Show me lifelong learners and I will show you a school that is assured of great success. Show me leaders who demonstrate hunger for professional growth and I will show you a school that embraces new ideas. My ideal township school leader is one who never hides invaluable information from their staff. When there is a conference on the latest pedagogical trends on, say, teaching of accounting, they are first to encourage you to go. Because they generate energy from seeing their staff excel and being recognised for it, whenever there is an opportunity elsewhere they share it with their staff. For instance, if the examinations body Umalusi opens applications for moderators and examiners, they jump at the opportunity to urge their staff to apply. These are the kinds of leaders who will jump at the opportunity to encourage their staff to apply for, inter alia, The Hubert H. Humphrey Fellowship Program in order to expand your professional horizons.

A consultative leader

My ideal township school leader is one who consults before any major decision that especially involves teachers is made. I find it laughable that some of our school leaders (managers) make decisions on behalf of teachers. The more consultative you are as a school leader, the more your members want to do things for you. Consultative leaders barely bring their institutions to their knees because teachers work extremely hard to propel the organisation to greater heights. Most importantly, when a decision backfires, everyone in the school will take ownership thereof because they would have been consulted.

They are the ‘we’ instead of the ‘I’ type of leaders

One common feature of highly successful leaders is their understanding than individualism never breeds a sustainable success for the organisation. In a nutshell, they understand the importance of partnerships. In his book Intentional Living, John Maxwell notes that “great partnerships make you better than you are, multiply your value, enable you to do what you do best and give you more time.” Our township schools need more ‘we’ leaders. These are the leaders who don’t bully you into doing things, they influence you to. They accept it when they have erred and quickly apologise. ‘I’ leaders, on the other hand, do things by themselves and like to take credit for every success of the organisation. They make you feel they are in charge. Among them you feel very small because it is their mission to belittle others, either consciously and subconsciously. These leaders often hide behind their positions—once they lose power they become vulnerable. In a long run, the ‘I’ leaders render their organisations ungovernable.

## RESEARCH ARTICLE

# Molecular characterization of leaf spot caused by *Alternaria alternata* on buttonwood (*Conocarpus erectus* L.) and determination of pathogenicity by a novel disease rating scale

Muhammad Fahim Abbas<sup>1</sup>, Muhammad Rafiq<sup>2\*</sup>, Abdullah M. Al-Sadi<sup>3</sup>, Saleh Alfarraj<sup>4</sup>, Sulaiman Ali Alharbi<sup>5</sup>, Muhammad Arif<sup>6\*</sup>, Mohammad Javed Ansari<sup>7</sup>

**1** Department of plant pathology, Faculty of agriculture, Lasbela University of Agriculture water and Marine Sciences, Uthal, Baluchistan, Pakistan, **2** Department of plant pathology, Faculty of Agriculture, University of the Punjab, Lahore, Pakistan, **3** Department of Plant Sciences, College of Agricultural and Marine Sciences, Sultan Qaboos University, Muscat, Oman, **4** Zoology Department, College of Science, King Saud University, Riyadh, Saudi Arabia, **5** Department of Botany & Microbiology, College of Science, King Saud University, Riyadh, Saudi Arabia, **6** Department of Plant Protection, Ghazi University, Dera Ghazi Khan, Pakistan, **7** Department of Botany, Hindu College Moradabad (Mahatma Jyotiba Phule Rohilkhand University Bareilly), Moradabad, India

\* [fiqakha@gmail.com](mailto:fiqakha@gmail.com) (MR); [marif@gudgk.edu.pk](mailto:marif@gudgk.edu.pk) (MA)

They keep in touch with what is happening in the classrooms

We call them 'instructional leaders’ in the scholarship of school leadership. They know exactly which teacher does not mark learner assessment activities. They know exactly which teacher does not honour their instructional time and act decisively and promptly to address the problem. They know exactly which teacher falls short of giving learners intellectually challenging questions so that they can be ready not only for external assessments but also for life challenges.

Teaching time is never wasted

Above all, they understand time is the greatest and most irreplaceable commodity we have. Assembly time doesn’t compromise the tuition time. Morning briefings never compromise the instructional time.

These are some of the qualities that my ideal township school leader exemplifies. I hope to emulate them as a leader myself without a title.